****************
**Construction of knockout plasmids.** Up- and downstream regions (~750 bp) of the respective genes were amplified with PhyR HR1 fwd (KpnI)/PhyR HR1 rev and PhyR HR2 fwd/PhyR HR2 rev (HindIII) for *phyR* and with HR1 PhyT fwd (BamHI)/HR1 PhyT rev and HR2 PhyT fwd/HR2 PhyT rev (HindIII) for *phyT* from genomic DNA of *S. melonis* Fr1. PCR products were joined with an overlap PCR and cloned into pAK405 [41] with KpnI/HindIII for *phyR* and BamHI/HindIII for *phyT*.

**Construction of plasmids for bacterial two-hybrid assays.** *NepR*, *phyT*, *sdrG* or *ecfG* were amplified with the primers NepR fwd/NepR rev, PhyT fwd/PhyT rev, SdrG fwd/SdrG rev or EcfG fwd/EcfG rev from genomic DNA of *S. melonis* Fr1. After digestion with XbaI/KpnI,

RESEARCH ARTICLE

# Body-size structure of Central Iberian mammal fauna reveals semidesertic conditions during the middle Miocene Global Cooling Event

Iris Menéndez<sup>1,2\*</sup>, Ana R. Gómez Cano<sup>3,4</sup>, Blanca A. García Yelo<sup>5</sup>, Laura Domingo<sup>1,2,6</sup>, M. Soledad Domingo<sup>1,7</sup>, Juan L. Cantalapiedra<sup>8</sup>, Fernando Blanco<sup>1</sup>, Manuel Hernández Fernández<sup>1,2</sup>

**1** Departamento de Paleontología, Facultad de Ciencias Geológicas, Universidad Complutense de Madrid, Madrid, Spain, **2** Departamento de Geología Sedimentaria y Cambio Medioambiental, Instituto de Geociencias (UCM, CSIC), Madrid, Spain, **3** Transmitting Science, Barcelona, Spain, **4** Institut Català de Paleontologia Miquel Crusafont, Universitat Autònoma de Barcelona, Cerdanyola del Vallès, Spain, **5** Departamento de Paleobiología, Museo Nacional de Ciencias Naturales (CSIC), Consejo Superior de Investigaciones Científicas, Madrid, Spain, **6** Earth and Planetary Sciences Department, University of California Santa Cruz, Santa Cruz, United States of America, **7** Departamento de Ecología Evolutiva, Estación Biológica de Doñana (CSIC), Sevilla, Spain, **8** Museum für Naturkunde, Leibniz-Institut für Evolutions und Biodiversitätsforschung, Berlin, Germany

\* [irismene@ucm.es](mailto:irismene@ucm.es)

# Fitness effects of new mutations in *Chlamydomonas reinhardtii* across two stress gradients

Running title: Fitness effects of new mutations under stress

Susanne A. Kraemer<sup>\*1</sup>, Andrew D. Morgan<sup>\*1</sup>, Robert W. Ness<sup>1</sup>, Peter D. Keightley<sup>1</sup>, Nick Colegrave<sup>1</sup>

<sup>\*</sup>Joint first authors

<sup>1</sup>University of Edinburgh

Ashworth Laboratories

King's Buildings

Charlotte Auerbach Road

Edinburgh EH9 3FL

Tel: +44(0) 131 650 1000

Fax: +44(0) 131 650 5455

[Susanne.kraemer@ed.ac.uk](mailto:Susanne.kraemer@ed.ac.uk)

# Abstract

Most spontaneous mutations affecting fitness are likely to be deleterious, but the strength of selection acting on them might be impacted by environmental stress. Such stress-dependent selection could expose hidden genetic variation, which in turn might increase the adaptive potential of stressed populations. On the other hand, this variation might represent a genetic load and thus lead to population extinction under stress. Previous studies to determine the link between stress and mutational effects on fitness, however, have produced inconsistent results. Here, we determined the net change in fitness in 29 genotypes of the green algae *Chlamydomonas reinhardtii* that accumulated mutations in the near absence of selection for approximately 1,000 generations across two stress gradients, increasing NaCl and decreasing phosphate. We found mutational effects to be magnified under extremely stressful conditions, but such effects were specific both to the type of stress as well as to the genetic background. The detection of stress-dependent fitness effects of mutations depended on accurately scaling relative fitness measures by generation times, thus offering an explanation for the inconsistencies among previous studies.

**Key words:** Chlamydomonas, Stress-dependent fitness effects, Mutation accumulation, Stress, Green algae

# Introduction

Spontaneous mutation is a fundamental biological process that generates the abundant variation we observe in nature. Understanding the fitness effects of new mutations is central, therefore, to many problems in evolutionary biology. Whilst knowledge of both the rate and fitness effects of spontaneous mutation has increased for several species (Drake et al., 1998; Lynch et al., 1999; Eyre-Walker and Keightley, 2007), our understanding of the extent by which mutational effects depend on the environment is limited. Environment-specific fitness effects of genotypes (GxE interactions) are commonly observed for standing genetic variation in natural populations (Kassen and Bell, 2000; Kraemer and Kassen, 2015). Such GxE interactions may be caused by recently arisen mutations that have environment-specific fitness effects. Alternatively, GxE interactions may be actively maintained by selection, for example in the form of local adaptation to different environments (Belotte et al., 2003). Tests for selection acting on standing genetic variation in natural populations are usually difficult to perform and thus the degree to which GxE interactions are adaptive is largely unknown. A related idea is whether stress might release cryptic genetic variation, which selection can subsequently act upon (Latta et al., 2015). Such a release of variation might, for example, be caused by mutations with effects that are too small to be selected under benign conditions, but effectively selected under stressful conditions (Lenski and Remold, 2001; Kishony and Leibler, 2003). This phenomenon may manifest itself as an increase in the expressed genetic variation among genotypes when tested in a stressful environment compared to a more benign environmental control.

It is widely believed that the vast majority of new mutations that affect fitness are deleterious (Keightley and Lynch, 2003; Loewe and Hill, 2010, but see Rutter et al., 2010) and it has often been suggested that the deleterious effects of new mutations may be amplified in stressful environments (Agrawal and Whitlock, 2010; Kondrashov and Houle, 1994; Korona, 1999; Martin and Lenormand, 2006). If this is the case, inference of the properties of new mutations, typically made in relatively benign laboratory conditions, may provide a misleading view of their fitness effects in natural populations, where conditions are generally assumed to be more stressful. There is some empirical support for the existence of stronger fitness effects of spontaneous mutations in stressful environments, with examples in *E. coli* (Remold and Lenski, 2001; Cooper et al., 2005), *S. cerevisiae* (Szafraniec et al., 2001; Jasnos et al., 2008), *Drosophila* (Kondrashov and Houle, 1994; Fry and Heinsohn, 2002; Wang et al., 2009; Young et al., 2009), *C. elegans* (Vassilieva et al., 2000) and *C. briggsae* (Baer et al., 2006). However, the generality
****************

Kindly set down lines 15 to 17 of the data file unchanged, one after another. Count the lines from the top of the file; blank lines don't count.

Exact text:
Charlotte Auerbach Road

Edinburgh EH9 3FL

Tel: +44(0) 131 650 1000